R-Power in talks with South Korean firms to buy dry bulk ships

R-Power in talks with South Korean firms to buy dry bulk ships
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First Published: Fri, May 29 2009. 08 26 PM IST
Updated: Fri, May 29 2009. 08 26 PM IST
Bangalore: Billionaire Anil Ambani’s Reliance Power Ltd is in talks with South Korean shipyards to build six ships that will be used to import coal for the 4,000MW power plant it is constructing in Krishnapatnam, Andhra Pradesh, according to two London-based shipbrokers with knowledge of the discussions.
The utility is discussing a possible deal with Hyundai Heavy Industries Co. Ltd, STX Shipbuilding Co. Ltd, Daewoo Shipbuilding and Marine Engineering Co. Ltd and Hanjin Heavy Industries and Construction Co. Ltd to build the so-called dry bulk ships, said the shipbrokers, who didn’t want to be named.
“Reliance is looking to close the deal and Hanjin Heavy Industries is the frontrunner for the contract as it is more inclined to give lower rates among the (South) Korean yards,” one of them said. Hanjin could not be reached for comment.
South Korea is the world’s biggest shipbuilding nation.
“We are in discussions with several top yards in South Korea and Japan. But nothing has been finalized as yet,” said a top executive at Reliance Natural Resources Ltd, or RNRL, another firm in the Reliance-Anil Dhirubhai Ambani Group (R-Adag). Reliance Power will buy the ships through RNRL.
Reliance Power has been scouting the global market since July for six so-called capesize ships that would be used to haul 17 million tonnes of coal a year from Indonesia for the Krishnapatnam power plant. It is also looking to hire three-four capesize ships on a long-term basis to meet its coal transportation requirements.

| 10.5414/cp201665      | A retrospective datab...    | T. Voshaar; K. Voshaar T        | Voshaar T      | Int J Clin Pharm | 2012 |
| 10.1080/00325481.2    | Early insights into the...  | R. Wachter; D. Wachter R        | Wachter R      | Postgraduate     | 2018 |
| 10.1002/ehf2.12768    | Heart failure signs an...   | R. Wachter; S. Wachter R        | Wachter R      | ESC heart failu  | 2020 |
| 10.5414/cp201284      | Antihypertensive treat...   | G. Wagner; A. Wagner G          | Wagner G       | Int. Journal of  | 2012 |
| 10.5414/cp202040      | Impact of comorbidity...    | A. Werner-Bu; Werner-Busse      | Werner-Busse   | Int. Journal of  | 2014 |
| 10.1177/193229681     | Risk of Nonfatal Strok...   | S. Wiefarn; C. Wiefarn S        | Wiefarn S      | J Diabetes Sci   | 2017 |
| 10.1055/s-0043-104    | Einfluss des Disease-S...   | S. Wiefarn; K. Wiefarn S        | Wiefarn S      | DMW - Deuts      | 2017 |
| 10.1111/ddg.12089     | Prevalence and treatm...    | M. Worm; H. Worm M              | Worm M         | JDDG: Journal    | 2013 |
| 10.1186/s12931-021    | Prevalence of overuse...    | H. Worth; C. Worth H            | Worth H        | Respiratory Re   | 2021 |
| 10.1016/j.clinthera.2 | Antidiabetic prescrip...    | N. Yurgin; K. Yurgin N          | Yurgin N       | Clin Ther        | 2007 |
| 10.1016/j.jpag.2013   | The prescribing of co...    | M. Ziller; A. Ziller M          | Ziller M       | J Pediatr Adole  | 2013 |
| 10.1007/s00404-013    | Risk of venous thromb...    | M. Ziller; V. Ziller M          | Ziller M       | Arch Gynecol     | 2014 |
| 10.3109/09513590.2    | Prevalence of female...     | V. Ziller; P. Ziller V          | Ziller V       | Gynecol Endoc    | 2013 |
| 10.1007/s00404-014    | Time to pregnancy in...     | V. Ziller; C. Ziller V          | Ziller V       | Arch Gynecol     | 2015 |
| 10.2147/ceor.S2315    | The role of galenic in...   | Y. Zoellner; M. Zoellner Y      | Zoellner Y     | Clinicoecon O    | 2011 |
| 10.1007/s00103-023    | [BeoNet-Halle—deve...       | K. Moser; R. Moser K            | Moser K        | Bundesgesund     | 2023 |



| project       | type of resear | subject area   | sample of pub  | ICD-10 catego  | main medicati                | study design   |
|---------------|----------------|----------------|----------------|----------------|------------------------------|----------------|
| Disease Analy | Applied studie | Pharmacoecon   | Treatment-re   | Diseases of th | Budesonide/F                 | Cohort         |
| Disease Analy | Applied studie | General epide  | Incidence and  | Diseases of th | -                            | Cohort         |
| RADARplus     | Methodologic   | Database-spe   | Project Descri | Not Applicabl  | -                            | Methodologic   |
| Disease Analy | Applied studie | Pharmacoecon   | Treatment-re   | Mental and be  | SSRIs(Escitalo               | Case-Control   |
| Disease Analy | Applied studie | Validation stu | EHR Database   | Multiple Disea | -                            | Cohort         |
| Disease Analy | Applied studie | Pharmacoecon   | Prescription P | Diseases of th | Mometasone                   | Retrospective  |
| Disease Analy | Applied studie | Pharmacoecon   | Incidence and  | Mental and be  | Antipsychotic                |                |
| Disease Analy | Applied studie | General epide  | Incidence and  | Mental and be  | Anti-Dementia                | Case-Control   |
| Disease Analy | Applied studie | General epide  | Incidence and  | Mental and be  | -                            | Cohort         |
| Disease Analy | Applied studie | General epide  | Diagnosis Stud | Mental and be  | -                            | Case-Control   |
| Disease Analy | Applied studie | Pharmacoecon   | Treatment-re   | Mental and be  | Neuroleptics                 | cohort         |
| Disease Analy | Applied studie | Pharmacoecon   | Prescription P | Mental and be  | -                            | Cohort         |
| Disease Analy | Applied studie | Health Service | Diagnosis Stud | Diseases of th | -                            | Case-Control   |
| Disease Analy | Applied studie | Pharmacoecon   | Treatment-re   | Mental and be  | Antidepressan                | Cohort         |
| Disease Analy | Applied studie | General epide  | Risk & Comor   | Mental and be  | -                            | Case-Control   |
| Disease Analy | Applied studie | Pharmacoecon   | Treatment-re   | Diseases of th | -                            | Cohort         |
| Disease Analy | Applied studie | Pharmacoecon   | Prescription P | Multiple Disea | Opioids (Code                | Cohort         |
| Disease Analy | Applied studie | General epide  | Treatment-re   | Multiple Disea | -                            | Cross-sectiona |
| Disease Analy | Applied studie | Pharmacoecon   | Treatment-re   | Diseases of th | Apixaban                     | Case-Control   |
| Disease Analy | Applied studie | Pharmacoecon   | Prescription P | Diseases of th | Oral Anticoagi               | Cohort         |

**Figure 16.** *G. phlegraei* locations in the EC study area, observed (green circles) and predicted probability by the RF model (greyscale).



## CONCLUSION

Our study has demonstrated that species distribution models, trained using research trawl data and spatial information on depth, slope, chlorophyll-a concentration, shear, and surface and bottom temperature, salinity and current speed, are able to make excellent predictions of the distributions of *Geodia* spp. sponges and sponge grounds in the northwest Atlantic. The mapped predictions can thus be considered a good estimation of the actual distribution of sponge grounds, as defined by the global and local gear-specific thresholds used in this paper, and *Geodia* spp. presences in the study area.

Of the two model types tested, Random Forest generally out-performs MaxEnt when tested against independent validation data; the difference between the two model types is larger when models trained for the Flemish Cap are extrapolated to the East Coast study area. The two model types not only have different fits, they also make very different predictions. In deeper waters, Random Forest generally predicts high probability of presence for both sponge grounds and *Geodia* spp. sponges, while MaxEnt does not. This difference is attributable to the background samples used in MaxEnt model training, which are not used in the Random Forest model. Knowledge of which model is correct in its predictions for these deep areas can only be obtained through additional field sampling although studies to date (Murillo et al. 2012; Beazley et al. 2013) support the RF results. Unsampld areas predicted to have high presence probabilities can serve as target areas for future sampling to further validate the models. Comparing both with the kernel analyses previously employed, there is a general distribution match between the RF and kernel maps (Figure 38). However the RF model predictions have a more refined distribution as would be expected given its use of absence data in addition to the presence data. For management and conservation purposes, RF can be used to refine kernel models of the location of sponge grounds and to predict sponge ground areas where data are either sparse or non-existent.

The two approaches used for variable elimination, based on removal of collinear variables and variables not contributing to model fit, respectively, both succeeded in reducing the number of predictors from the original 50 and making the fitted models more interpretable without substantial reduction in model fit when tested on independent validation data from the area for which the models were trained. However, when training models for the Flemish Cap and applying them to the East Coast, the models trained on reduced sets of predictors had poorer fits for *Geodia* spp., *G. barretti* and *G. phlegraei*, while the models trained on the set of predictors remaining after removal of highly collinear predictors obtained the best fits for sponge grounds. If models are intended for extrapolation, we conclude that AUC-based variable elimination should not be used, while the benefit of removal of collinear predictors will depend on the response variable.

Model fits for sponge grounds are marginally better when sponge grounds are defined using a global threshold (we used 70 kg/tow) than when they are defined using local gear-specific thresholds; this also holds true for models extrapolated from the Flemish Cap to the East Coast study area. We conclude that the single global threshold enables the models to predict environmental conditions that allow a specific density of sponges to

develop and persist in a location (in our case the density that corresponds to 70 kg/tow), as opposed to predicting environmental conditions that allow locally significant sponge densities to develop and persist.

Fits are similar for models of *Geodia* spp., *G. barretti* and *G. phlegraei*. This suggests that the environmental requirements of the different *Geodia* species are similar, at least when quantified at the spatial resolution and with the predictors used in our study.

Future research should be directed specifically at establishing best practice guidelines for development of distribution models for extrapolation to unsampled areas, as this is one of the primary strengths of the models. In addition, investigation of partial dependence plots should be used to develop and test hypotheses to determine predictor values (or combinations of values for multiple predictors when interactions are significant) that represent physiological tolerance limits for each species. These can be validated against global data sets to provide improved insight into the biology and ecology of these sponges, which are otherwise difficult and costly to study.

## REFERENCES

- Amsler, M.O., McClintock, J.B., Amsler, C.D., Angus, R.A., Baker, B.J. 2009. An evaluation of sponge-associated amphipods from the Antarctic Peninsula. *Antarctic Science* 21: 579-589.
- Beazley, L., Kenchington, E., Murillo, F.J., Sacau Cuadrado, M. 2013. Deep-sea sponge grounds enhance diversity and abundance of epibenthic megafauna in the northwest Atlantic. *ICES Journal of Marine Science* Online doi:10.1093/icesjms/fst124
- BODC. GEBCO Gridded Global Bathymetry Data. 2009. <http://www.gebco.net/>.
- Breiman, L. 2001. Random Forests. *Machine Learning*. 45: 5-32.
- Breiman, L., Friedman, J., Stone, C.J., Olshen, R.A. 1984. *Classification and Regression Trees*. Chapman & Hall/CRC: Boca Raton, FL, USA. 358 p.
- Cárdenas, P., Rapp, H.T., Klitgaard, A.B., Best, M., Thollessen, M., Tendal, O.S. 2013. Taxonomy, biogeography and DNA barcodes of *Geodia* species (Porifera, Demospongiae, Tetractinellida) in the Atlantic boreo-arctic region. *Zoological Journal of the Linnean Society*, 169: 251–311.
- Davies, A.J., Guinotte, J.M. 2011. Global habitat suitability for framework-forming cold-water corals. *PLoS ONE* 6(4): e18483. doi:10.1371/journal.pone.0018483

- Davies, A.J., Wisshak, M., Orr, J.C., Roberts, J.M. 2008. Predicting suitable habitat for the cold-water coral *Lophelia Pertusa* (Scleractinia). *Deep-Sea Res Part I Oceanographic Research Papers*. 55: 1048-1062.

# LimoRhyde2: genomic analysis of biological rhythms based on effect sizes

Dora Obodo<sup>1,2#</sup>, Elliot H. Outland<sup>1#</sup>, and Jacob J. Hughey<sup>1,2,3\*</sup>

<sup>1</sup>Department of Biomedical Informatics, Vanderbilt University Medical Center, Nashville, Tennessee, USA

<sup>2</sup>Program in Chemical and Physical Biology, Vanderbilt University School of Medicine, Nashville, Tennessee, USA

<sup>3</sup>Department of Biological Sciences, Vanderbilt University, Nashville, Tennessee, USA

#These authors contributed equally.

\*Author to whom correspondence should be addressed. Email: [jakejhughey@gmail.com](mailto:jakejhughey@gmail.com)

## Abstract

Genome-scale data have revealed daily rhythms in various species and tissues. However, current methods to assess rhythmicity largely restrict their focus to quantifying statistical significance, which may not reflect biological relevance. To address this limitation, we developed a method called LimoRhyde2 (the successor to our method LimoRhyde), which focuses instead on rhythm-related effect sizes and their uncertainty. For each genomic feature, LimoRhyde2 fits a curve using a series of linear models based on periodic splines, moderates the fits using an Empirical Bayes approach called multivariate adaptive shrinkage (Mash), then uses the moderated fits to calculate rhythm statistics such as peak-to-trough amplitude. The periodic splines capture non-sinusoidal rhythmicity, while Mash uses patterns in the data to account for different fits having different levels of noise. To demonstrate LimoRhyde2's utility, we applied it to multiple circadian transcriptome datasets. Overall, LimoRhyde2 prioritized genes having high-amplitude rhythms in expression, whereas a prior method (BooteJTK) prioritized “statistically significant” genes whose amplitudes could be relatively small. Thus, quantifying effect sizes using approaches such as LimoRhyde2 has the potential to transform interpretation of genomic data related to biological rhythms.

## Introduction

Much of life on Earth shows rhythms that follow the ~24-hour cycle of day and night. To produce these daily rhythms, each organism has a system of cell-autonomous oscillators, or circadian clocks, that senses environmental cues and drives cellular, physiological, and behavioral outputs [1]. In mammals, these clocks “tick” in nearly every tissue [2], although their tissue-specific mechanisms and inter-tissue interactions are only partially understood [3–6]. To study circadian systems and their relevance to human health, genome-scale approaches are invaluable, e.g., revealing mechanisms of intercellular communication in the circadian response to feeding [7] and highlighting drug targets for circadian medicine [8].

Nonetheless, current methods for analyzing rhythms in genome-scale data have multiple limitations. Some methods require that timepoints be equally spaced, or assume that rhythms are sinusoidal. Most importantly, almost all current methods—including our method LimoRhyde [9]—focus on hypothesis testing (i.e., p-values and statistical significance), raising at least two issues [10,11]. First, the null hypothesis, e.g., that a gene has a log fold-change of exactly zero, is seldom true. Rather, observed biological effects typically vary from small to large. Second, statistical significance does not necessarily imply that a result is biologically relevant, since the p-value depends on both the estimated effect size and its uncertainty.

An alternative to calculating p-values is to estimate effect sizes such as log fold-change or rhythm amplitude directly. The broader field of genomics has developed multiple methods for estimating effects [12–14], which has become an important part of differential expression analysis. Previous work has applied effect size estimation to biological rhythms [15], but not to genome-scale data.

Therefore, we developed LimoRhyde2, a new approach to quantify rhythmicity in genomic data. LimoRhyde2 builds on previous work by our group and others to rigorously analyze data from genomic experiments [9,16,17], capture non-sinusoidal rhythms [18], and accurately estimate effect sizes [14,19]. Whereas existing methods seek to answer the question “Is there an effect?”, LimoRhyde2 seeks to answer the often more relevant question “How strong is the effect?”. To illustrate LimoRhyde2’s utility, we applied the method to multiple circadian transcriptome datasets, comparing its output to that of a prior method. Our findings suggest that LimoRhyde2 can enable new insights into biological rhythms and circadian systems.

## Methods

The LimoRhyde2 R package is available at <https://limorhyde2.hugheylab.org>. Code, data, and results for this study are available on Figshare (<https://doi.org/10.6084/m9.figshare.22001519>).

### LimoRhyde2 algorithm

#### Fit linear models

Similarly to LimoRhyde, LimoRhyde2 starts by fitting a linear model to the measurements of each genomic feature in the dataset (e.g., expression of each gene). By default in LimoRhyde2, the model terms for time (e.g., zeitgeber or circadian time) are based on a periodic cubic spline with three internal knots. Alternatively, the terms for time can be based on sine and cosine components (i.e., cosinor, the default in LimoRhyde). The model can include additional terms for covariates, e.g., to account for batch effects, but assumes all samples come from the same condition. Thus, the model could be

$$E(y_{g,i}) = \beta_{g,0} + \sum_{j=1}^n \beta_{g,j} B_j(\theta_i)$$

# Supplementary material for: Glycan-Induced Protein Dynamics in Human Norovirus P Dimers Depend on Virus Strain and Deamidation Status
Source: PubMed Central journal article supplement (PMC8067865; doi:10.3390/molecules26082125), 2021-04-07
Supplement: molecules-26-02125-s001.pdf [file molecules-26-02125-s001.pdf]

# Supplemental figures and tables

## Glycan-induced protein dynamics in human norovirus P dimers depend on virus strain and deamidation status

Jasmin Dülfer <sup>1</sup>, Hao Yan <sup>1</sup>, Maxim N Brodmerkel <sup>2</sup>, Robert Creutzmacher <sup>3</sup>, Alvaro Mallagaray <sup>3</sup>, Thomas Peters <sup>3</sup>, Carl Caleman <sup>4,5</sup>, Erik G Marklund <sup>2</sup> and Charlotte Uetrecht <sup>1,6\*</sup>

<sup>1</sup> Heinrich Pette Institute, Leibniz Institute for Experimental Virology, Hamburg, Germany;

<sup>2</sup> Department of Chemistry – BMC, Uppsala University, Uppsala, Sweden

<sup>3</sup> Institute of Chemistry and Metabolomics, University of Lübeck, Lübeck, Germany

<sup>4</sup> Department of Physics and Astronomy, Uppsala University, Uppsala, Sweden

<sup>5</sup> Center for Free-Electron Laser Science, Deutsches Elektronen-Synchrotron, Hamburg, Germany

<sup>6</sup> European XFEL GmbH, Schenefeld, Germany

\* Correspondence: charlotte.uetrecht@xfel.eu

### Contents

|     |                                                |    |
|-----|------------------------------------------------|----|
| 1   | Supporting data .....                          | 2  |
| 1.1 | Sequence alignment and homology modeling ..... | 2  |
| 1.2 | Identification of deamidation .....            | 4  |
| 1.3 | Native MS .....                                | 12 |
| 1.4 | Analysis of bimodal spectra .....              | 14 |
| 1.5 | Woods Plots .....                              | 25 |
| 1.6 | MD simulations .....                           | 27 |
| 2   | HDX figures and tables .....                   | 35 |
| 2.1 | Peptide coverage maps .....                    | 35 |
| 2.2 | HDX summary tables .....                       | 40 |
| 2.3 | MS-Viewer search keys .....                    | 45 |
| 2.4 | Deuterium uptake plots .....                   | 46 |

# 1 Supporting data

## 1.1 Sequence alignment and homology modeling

Capesize ships can typically carry up to 175,000 tonne of coal, steel or iron ore. They must travel around the Cape of Good Hope or Cape Horn because they are too large to use the Suez or Panama canals.
Globally, 856 capesize ships are in operation. Over the next three years, another 500 capesize ships, currently under construction at various global yards, will start trading.
The RNRL executive, who asked not to be named, said the firm is waiting for ship values to fall further before striking a deal. “Definitely prices are bound to fall further.”
Currently, a capesize ship costs $65 million (Rs307 crore) to build.
The first unit of the Krishnapatnam plant is expected to start generating power in September 2013 and the project would be fully operational by October 2015.
Reliance Power had been in discussions with Chinese shipbuilding yards including Qingdao Beihai Shipbuilding Heavy Industry Co. Ltd to purchase the ships, when the price for building a capesize ship was at about $100 million in the global market. But a deal could not be finalized then because of problems faced by Chinese yards in getting finances.
Since then, ship values have crashed following the global slowdown, collapsing freight rates and waning demand for goods. With orders for building new ships reduced to a trickle, and existing orders facing cancellations due to failed financings, yards in South Korea were willing to drop their prices.
“If Reliance Power finalizes the contract at $65 million per vessel, it is a fantastic price,” said an executive at a Mumbai-based shipbroking firm, who did not want to be named. “They will never get a price lower than this.”
Last year, Tata Power Co. Ltd, India’s biggest power utility outside state control, signed a $200 million contract with Qingdao Beihai Shipbuilding to construct two capesize ships, each with a capacity to carry 200,000 tonnes of cargo.
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First Published: Fri, May 29 2009. 08 26 PM IST